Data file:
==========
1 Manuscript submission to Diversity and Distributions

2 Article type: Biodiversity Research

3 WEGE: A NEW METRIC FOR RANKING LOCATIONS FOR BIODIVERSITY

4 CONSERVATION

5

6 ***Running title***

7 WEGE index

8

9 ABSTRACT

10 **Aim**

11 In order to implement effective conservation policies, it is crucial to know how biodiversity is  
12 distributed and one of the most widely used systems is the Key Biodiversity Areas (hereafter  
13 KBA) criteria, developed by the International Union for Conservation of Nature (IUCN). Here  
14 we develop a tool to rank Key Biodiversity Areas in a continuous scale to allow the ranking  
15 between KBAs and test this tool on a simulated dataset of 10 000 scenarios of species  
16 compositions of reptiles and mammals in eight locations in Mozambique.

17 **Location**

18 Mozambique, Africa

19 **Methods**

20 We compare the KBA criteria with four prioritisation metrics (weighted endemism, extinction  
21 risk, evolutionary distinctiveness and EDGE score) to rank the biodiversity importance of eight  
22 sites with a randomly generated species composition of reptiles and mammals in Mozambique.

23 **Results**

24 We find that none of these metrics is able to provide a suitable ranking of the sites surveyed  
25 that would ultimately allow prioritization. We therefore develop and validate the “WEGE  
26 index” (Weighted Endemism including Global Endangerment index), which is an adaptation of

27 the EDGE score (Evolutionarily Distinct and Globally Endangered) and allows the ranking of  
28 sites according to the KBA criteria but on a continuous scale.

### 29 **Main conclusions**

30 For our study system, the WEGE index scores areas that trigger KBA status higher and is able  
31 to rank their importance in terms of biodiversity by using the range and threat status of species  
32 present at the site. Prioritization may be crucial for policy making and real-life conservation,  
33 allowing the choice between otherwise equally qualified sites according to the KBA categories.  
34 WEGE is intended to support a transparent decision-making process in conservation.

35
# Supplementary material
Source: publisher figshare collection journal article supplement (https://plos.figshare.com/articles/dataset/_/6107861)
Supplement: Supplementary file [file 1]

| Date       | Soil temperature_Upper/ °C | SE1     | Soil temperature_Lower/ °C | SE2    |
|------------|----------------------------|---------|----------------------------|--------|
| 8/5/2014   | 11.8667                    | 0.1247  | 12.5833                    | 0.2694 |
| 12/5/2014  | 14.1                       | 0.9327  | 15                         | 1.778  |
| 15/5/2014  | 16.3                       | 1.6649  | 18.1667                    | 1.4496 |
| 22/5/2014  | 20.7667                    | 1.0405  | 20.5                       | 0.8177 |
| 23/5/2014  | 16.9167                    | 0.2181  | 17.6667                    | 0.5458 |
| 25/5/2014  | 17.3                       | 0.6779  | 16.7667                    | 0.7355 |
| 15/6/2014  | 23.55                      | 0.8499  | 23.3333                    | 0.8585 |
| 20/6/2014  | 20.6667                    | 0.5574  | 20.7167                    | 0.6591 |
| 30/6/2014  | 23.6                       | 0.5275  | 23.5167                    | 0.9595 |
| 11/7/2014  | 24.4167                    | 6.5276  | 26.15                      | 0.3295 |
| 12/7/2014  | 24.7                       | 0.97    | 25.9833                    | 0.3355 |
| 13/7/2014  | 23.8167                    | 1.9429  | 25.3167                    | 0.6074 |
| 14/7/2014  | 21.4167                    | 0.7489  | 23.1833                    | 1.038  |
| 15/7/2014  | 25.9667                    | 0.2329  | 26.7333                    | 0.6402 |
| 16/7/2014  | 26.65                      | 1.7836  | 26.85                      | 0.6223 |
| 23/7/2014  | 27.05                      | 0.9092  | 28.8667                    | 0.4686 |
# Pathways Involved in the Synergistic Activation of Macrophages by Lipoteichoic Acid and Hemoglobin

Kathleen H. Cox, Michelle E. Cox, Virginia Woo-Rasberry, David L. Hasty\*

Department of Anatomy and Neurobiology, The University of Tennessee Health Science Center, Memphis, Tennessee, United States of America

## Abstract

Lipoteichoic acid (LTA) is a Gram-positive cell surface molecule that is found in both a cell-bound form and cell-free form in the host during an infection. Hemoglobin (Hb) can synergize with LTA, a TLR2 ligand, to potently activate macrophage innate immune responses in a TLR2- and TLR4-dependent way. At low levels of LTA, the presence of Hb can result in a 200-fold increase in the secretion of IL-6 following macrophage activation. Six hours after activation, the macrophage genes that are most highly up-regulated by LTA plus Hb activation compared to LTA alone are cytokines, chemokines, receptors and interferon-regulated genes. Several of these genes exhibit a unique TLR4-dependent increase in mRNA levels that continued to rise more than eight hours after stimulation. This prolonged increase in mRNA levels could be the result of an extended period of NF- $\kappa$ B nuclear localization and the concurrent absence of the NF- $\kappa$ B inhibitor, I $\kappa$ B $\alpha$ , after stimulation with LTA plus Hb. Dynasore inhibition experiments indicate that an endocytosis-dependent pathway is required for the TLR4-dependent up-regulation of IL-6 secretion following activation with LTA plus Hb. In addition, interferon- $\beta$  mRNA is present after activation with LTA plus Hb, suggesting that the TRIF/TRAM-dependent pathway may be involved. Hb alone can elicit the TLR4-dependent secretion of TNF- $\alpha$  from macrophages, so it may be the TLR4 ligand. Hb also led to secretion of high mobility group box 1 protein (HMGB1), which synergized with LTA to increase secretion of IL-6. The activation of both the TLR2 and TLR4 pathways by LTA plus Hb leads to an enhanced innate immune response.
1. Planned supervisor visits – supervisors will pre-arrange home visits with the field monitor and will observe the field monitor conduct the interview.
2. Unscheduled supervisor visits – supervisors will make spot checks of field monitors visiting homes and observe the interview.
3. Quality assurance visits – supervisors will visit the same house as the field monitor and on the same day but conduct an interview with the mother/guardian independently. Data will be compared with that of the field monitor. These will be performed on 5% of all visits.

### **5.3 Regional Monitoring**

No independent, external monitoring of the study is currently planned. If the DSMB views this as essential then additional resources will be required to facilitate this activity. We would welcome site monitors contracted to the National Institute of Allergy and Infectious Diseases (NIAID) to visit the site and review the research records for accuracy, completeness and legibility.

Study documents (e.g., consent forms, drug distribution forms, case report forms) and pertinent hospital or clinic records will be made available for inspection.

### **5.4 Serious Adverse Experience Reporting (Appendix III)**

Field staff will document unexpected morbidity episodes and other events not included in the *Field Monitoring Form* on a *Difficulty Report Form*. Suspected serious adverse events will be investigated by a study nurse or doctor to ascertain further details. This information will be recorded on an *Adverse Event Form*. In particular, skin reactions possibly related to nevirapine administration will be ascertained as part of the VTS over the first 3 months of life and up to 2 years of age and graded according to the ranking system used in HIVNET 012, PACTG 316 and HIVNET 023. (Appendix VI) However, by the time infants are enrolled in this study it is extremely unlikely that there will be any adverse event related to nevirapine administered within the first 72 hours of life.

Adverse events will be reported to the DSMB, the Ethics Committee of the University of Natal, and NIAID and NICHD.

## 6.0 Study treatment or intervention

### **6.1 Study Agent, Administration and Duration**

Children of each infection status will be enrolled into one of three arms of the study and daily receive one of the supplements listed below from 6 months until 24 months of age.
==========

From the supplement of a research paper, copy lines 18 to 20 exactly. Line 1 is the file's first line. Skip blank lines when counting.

18 Mozambique, Africa

19 **Methods**

20 We compare the KBA criteria with four prioritisation metrics (weighted endemism, extinction  